> the IDE kept everything in a parse tree form, and he was
> able to do some visualization and refactoring stuff. The
> refactoring sounded like what IntelliJ had been doing for
> quite a while, but the really interesting conceptual leap
> I got from the conversation was that maybe future
> languages could be defined not as a text syntax but as
> some kind of data structure.

This is how Lisp was originally created.

John D. Mitchell

Posts: 244
Nickname: johnm
Registered: Apr, 2003

Implicit and Tacit information in Code Formatting Posted: Oct 15, 2004 11:00 AM
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This came up in a recent thread (http://forums.java.net/jive/thread.jspa?threadID=40&tstart=0) in the java.net bookclub discussion of Paul Graham's Hackers and Painters (http://forums.java.net/jive/forum.jspa?forumID=21).

Mikael Grev

Posts: 1
Nickname: mgrev
Registered: Oct, 2004

Re: Style is Substance Posted: Oct 16, 2004 1:20 AM
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You are correct about one thing, code style is a pain in the *ss! Your solution however I'm no fan of. Why not create an XML dialect instead, and propose it as a standad? Then any IDE with respect could read/write it and understand what it means without using complex regex statements. For insance:

<code>
<if>
<expression>
<vaiable>a</vaiable>
<operation>=</operation>
<vaiable>b</vaiable>
</expression>
<if>
<code>

or whatever. Then every IDE can present the code in any style. One developer can code in one style and another one will read it using another style. Perfect. As long as the XML is good an flexible it could probably be used for any language, in fact, it should be TOTALLY language neutral and if some code segment can't be broken down it can simply be contained in it's native format.

Codeing style transformes could be standard as well, so that a new developer can simply choose a standard style to start with without having to set those 19321 setting him/her self.

Portability wouldn't be a problem, all IDE's should be required to output normal source as well, possibly within the XML itself. And reading XML and transforming it is done in a couple of lines of code nowadays.

Now THIS is possible, and would be SO great. IMHO of course.

Cheers,
Mikael Grev

Mats Henricson

Posts: 55
Nickname: matsh
Registered: May, 2003

Re: Style is Substance Posted: Oct 18, 2004 5:09 PM
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Just wrote about this on my blog:

http://www.jroller.com/page/matsh/20041018#style_is_symmetry_and_structure

J Alan Brogan

Posts: 1
Nickname: jalanb
Registered: Jun, 2005

Re: Style is Substance Posted: Jun 24, 2005 7:53 AM
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I disagree completely.

I agree with Premise 1 & 2.

Premise 3 - true, but so what ?
a) sourceforge.net purty printers are programs written in people's spare time - who are we to say what should/not be done ? It may be a superfluous problem, but it is nonetheless an interesting one, and once they exist they allow more mature coders to leave the style wars behind.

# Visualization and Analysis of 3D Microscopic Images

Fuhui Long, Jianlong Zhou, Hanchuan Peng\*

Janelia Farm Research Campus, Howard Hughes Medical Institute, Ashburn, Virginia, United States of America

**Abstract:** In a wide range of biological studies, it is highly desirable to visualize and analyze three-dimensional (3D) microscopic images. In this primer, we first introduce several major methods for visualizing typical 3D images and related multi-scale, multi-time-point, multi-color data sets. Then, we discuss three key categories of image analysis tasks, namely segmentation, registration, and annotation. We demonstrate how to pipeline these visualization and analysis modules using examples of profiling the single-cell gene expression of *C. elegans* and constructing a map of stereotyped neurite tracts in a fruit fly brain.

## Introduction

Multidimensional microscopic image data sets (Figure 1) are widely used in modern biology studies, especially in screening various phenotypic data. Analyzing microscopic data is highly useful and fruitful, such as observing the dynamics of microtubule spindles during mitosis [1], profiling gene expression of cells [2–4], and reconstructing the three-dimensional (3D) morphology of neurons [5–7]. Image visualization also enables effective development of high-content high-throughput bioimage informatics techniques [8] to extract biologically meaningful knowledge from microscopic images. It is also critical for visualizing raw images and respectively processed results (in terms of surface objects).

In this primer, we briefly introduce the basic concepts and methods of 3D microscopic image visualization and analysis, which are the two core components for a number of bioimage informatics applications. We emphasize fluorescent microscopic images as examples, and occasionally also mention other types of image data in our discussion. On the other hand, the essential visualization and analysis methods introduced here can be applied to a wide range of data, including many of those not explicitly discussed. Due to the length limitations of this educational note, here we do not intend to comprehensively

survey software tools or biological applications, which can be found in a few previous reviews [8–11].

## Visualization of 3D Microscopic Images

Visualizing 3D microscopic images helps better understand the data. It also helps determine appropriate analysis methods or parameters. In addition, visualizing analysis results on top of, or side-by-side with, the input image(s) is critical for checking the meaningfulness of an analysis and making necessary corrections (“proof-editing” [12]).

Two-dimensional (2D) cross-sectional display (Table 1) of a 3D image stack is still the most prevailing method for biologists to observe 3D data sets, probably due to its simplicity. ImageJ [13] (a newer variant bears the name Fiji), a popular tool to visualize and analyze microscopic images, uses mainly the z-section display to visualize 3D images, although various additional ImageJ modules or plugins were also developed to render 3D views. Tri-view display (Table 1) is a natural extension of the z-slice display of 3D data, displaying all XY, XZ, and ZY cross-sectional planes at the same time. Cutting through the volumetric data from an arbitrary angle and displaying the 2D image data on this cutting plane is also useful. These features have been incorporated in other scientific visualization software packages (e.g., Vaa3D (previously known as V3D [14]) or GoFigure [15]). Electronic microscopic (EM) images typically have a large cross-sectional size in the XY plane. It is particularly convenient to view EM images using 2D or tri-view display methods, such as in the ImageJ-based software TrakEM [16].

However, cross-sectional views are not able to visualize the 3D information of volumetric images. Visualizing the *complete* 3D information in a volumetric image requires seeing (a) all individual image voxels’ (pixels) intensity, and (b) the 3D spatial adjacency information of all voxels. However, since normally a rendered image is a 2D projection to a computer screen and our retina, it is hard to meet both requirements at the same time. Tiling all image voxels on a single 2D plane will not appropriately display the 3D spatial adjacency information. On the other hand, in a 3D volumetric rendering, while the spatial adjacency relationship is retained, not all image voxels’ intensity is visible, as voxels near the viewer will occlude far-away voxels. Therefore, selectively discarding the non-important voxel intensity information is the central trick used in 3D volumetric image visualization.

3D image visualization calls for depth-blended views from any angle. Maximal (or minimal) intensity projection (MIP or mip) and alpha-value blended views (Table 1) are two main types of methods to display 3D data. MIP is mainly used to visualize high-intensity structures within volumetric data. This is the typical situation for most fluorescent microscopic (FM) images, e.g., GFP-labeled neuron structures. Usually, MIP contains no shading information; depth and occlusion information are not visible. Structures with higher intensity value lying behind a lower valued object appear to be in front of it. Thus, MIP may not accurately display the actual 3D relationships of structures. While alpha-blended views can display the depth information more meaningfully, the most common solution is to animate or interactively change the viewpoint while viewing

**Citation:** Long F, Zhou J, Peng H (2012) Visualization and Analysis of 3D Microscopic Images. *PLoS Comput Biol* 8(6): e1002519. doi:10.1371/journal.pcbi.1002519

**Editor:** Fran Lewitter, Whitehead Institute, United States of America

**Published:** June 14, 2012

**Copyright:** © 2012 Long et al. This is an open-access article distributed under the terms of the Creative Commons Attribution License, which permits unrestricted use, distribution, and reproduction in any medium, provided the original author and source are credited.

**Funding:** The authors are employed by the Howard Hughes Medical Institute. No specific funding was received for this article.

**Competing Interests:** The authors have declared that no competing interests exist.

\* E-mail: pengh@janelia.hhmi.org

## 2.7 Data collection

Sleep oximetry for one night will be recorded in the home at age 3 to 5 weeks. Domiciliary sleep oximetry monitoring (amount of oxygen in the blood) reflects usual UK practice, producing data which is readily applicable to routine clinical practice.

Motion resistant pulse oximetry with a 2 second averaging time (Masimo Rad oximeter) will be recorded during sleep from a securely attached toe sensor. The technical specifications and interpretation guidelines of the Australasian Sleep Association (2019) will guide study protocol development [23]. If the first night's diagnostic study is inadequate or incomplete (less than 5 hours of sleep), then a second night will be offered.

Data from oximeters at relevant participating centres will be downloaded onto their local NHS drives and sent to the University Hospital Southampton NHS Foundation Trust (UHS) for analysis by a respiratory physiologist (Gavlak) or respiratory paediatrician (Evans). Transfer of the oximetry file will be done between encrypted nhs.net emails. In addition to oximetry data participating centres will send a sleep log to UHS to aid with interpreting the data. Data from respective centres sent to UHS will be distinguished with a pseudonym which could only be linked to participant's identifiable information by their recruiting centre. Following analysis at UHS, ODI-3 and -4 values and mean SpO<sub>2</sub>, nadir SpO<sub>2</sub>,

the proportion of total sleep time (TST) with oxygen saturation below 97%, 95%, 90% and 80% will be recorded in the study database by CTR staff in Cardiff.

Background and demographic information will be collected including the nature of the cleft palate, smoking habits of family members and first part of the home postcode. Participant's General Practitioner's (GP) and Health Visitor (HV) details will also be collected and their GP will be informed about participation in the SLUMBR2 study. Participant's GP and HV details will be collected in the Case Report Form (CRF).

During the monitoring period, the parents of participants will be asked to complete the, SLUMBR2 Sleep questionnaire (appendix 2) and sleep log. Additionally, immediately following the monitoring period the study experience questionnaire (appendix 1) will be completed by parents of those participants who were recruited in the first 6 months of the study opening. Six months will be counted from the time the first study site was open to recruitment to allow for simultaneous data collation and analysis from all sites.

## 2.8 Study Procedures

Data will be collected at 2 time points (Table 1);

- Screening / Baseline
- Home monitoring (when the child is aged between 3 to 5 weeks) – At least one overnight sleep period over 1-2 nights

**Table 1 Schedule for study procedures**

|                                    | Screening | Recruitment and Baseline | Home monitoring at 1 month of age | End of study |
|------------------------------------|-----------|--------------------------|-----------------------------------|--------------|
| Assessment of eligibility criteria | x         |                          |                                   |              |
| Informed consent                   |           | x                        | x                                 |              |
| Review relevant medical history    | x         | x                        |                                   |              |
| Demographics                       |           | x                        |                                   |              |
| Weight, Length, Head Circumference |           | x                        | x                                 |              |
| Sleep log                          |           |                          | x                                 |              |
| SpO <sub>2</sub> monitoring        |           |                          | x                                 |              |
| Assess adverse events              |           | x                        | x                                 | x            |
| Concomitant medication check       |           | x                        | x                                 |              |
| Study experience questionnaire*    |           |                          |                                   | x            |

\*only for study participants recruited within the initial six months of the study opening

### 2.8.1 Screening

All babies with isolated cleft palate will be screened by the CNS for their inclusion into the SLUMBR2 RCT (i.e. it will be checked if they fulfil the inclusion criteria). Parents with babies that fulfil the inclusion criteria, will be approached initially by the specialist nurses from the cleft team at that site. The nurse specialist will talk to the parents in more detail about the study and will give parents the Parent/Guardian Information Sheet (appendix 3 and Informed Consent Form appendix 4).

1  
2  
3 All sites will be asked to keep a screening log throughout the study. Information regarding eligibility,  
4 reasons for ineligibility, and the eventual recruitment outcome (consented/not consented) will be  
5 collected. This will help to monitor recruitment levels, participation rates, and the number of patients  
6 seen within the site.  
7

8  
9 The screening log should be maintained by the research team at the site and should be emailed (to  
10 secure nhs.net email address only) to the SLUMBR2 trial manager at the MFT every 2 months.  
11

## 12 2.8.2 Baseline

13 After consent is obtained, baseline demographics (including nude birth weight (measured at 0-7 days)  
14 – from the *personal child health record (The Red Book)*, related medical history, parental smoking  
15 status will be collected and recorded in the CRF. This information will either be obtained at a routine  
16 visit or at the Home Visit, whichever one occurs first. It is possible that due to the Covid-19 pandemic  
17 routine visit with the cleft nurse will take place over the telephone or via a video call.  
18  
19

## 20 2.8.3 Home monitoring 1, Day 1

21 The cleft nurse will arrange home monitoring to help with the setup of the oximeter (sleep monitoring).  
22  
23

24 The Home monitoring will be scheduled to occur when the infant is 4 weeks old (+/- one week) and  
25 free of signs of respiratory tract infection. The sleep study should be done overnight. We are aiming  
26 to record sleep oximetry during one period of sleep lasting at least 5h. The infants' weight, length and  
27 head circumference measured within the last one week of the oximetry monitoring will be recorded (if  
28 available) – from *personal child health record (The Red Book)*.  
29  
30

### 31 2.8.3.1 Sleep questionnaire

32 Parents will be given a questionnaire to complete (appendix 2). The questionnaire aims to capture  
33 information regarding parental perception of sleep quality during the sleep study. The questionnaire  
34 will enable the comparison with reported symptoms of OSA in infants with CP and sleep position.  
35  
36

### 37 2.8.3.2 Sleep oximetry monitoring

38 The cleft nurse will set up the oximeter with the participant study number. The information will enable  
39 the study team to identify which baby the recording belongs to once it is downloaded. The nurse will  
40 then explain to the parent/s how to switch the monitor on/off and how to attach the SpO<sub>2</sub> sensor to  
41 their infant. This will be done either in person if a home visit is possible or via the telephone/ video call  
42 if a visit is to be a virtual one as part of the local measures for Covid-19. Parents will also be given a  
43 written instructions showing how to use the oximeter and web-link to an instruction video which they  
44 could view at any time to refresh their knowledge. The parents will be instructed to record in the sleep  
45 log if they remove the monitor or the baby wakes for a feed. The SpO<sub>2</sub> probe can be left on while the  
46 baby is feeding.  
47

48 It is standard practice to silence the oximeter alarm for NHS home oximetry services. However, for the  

b) VCS resources - Duh ! That's what they are for. If you are so worried about the space taken in history logs, perhaps you shouldn't be using a VCS at all ?
c) Brain cycles are only wasted in style wars (ako flame war), which again is kinda: Duh ! That's what flame wars are for: to burn off the extra energy adolescents are "blessed" with.

Premise 4 is not quite true, and hence the first 3 premises are more correctly adressed by going away and finding some interesting problem to worry about.

Premise 4 is not quite true: while it is "pretty well agreed on", there is no evidence that it is true. Have you ever compared a project which was developed using one coding style, with the same project using many coding styles ? How do you compare the "pain" of the constraints of one style on all team members (NOT one person) with the "pain" of conflicting styles.

What *is* the pain of conflicting styles ? When was the last time you read some code where the style was so bad, that the rest of the code wasn't just as bad ?

IME no-one spends 5% of the time on coding style issues - they are too irredemiably trivial. Even with the qualification of "mostly up front" that is still a gross over-estimation. And I have *never* heard any coder raise the issue in the real world, only managers / QA people. Some coders ("mostly up front" of their coding careers) may shout about it on usenet, but at work they are either too junior to raise it as an issue, or too senior to take it seriously.

And, of course, the real reason this article is merely a troll: because style issues are so trivial, *any* argument about them is only of interest to less mature "debaters", and so *any* argument about them is undecidable. Why do you think the committees who write standards should be any less likely to degenerate into interminable style wars ?

Chris Nandor

Posts: 2
Nickname: pudge
Registered: Jun, 2005

Re: Style is Substance Posted: Jun 27, 2005 12:12 PM
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Premise 1: For any given hardware, there are one or a few common coding operating systems.
Premise 2: There is not now, nor will there ever be, an operating system whose benefit is significantly greater than any of the common operating systems.
Premise 3: Approximately a gaboozillion cycles are spent on dealing with OS variations.
Premise 4: For any non-trivial project, a common OS is a good thing.
Conclusion: Thinking of all the code in the entire world as a single "project" with a single OS, we would get more value than we do by allowing for variations in style.

Premise 1: For any given OS, there are one or a few common coding languages.
Premise 2: There is not now, nor will there ever be, a programming language whose benefit is significantly greater than any of the common languages.
Premise 3: Approximately a gaboozillion cycles are spent on dealing with language variations.
Premise 4: For any non-trivial project, a common language is a good thing.
Conclusion: Thinking of all the code in the entire world as a single "project" with a single language, we would get more value than we do by allowing for variations in style.

And so on. This is really an intensely silly idea.